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The late author tells of growing up deaf in rural Nova Scotia at the turn of the century and her exchanges with Alexander Graham Bell and Helen Keller, both of whom encouraged her to learn and to draw.
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"I was born, like my seven brothers and sisters, in a house atop a hill overlooking lovely Bras d'Or Lake". So begins Christy MacKinnon's story of life as a little girl in 19th-century Nova Scotia, Canada. Through wonderful images created with her own words and her watercolors, she tells of a simple, charming life on the family farm; of learning with her father, the master of her town's one-room schoolhouse; and of her eventual travel to Halifax to attend a "special" school. As with many children in the 1800s, Christy became deaf after a "seige of whooping cough", a sickness common then, which she barely survived. Silent Observer opens to young readers a world rarely seen today. They will be thrilled by her family's ride in a horse-drawn sleigh over a frozen northern lake, and her close encounters with a noisy bull and a "gentleman" ram. Children and adults alike will warm to her cheerful memories of the simple pleasure of playing in a flower-filled field with her brothers and sisters. They will discover, too, that young Christy crossed paths with many vital figures of the day, beginning with frequent visits by Alexander Graham Bell, and later with a momentous meeting with Helen Keller. Silent Observer is a delightful memoir told as it was seen through the eyes of a lively child. It is also a meaningful record of life for a deaf child and her family in the far reaches of Canada at the end of an era. Silent Observer is a beautiful, sensitive story that is sure to be enjoyed by everyone.From Booklist:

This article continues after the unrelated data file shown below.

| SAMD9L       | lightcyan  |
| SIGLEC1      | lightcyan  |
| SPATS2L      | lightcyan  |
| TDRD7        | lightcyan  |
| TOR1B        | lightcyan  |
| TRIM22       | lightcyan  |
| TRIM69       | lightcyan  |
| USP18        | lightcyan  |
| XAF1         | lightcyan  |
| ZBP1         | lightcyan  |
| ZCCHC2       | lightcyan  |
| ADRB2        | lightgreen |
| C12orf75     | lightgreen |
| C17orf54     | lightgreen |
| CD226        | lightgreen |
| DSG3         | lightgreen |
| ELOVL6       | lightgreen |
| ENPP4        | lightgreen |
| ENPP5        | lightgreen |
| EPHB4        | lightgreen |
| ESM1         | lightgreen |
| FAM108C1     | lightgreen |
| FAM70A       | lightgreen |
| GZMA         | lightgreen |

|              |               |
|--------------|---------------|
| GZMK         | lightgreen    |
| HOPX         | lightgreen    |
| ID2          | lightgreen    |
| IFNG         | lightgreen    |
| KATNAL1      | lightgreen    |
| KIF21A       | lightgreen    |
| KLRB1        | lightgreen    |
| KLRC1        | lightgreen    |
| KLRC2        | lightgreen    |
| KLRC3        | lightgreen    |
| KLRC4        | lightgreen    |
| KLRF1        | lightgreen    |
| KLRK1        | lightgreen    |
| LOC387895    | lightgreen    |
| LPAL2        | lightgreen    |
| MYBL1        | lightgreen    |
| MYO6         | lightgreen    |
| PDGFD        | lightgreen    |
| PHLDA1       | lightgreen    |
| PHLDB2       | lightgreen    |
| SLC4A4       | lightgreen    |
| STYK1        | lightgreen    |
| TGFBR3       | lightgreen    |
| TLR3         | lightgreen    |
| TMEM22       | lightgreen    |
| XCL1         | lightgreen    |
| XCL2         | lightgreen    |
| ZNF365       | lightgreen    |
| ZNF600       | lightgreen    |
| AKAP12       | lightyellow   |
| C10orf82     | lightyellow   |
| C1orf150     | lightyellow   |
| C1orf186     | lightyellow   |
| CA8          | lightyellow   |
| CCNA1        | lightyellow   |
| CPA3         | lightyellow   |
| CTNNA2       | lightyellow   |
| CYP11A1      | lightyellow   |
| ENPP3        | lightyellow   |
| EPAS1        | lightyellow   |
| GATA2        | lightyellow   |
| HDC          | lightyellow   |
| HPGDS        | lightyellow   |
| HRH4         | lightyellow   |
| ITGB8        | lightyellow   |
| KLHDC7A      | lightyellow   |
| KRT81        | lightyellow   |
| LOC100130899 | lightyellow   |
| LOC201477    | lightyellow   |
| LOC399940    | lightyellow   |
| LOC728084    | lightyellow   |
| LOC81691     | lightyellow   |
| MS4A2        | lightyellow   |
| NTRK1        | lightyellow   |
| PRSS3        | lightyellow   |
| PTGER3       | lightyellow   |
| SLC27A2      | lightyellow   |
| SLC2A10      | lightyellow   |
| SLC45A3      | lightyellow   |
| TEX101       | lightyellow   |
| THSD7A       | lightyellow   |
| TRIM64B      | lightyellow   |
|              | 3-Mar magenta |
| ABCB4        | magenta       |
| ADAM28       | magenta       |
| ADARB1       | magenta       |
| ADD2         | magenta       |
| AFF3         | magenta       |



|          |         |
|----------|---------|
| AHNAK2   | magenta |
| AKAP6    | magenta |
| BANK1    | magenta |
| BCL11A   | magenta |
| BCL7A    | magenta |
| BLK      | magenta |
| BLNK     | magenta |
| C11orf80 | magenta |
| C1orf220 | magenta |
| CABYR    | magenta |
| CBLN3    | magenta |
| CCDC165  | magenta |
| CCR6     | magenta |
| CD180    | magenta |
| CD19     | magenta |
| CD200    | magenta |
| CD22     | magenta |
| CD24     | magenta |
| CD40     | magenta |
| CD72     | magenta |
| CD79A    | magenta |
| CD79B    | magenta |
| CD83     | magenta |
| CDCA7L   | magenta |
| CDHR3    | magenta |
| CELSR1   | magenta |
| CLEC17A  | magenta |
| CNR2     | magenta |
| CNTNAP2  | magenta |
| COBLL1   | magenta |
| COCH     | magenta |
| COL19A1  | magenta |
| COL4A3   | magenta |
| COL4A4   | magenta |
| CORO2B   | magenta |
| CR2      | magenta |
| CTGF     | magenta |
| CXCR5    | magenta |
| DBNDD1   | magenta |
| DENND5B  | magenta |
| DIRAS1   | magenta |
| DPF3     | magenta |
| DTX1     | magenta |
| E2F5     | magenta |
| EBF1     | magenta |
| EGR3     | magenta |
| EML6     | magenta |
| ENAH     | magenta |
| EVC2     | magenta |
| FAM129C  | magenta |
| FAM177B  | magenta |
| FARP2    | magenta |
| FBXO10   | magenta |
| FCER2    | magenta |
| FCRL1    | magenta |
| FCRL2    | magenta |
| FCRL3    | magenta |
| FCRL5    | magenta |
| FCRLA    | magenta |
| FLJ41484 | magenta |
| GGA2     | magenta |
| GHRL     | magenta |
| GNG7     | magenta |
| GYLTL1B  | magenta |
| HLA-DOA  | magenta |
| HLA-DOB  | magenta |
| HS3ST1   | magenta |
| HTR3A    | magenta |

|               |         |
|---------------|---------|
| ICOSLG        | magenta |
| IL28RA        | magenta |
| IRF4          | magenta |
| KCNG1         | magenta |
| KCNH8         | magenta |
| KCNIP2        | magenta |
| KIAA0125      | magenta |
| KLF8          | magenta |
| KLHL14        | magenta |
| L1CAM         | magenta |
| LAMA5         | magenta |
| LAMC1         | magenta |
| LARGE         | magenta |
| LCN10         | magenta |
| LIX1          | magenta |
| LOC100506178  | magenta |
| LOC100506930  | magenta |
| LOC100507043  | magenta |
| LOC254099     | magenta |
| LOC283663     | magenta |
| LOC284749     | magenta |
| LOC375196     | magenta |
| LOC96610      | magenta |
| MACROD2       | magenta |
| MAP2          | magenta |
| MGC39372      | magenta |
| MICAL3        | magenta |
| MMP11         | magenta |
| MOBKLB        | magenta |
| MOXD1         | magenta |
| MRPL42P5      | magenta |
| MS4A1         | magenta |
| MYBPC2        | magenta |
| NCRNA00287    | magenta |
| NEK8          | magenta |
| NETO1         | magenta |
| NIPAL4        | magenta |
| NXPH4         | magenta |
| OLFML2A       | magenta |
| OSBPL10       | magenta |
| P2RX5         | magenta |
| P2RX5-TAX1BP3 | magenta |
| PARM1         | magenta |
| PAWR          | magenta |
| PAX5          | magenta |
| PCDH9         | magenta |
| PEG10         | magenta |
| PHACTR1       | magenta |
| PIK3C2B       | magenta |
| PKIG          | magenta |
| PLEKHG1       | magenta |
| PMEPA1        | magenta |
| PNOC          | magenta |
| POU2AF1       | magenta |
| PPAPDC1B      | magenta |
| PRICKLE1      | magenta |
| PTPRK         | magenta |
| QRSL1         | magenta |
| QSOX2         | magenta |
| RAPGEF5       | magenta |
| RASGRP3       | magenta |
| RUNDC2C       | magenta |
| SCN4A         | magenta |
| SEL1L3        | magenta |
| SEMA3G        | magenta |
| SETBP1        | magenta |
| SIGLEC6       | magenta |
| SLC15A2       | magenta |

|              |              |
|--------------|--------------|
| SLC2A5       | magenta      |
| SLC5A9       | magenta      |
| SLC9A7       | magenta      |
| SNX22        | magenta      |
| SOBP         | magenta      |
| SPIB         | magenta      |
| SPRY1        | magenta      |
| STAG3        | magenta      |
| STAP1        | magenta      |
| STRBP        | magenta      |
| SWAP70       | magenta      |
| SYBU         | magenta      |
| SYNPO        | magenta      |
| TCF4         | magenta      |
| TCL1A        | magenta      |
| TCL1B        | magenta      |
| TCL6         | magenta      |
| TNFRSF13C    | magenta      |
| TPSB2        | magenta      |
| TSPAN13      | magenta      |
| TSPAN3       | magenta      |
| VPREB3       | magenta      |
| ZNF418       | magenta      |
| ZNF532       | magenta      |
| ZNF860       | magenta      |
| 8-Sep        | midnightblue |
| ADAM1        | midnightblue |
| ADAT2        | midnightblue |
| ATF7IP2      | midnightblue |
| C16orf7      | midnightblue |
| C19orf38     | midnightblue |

Ages 5-9. A personal view of growing up on a Cape Breton farm at the end of the nineteenth century. Illustrated with line-and-watercolor artwork, this first-person memoir starts when MacKinnon contracted whooping cough and lost her hearing at age two. The narrative continues through her first term at a boarding school in Halifax when she was 13. MacKinnon's experiences included the death of her mother, the realization that she was deaf, her father's remarriage, and her difficult adjustment to boarding school. While both the drawing and the writing are awkward at times, this memoir, culled after her death from MacKinnon's diaries and artwork, has a certain charm. Aside from the story itself, which includes the child's meeting Alexander Graham Bell and Helen Keller, as well as some amusing anecdotes of farm life, the book may be useful to teachers presenting units on nineteenth-century life or on deafness. Carolyn Phelan
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Book Description HARCOURT SCHOOL PUBLISHERS, 2001. Paperback. Condition: New. 1. Seller Inventory # DADAX0153143762
Book Description HARCOURT SCHOOL PUBLISHERS, 2001. Paperback. Condition: New. Never used!. Seller Inventory # P110153143762
Book Description HARCOURT SCHOOL PUBLISHERS. PAPERBACK. Condition: New. 0153143762 New Condition. Seller Inventory # NEW7.0968275